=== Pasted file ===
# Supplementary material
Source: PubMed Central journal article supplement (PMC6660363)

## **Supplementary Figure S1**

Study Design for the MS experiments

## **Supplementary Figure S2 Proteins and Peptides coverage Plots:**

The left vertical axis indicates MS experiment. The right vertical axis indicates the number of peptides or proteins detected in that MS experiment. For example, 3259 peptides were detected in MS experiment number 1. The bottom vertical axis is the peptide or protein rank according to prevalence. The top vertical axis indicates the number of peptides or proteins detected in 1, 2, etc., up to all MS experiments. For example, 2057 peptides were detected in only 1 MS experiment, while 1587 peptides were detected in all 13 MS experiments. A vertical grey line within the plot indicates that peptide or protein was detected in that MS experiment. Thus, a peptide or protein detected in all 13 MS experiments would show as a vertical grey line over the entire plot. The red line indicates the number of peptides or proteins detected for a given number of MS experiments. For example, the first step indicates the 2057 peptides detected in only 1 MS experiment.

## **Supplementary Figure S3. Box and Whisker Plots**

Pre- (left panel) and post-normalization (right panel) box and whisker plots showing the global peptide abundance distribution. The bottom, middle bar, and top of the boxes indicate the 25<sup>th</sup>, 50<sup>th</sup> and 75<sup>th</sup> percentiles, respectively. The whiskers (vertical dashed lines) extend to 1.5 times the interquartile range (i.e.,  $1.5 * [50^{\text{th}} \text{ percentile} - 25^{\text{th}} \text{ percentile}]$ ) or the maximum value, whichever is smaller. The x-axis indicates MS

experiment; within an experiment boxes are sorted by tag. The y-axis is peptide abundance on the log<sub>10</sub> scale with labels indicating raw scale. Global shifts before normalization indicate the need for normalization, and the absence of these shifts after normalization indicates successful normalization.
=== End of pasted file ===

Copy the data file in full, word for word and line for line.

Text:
# Supplementary material
Source: PubMed Central journal article supplement (PMC6660363)

## **Supplementary Figure S1**

Study Design for the MS experiments

## **Supplementary Figure S2 Proteins and Peptides coverage Plots:**

The left vertical axis indicates MS experiment. The right vertical axis indicates the number of peptides or proteins detected in that MS experiment. For example, 3259 peptides were detected in MS experiment number 1. The bottom vertical axis is the peptide or protein rank according to prevalence. The top vertical axis indicates the number of peptides or proteins detected in 1, 2, etc., up to all MS experiments. For example, 2057 peptides were detected in only 1 MS experiment, while 1587 peptides were detected in all 13 MS experiments. A vertical grey line within the plot indicates that peptide or protein was detected in that MS experiment. Thus, a peptide or protein detected in all 13 MS experiments would show as a vertical grey line over the entire plot. The red line indicates the number of peptides or proteins detected for a given number of MS experiments. For example, the first step indicates the 2057 peptides detected in only 1 MS experiment.

## **Supplementary Figure S3. Box and Whisker Plots**

Pre- (left panel) and post-normalization (right panel) box and whisker plots showing the global peptide abundance distribution. The bottom, middle bar, and top of the boxes indicate the 25<sup>th</sup>, 50<sup>th</sup> and 75<sup>th</sup> percentiles, respectively. The whiskers (vertical dashed lines) extend to 1.5 times the interquartile range (i.e.,  $1.5 * [50^{\text{th}} \text{ percentile} - 25^{\text{th}} \text{ percentile}]$ ) or the maximum value, whichever is smaller. The x-axis indicates MS

experiment; within an experiment boxes are sorted by tag. The y-axis is peptide abundance on the log<sub>10</sub> scale with labels indicating raw scale. Global shifts before normalization indicate the need for normalization, and the absence of these shifts after normalization indicates successful normalization.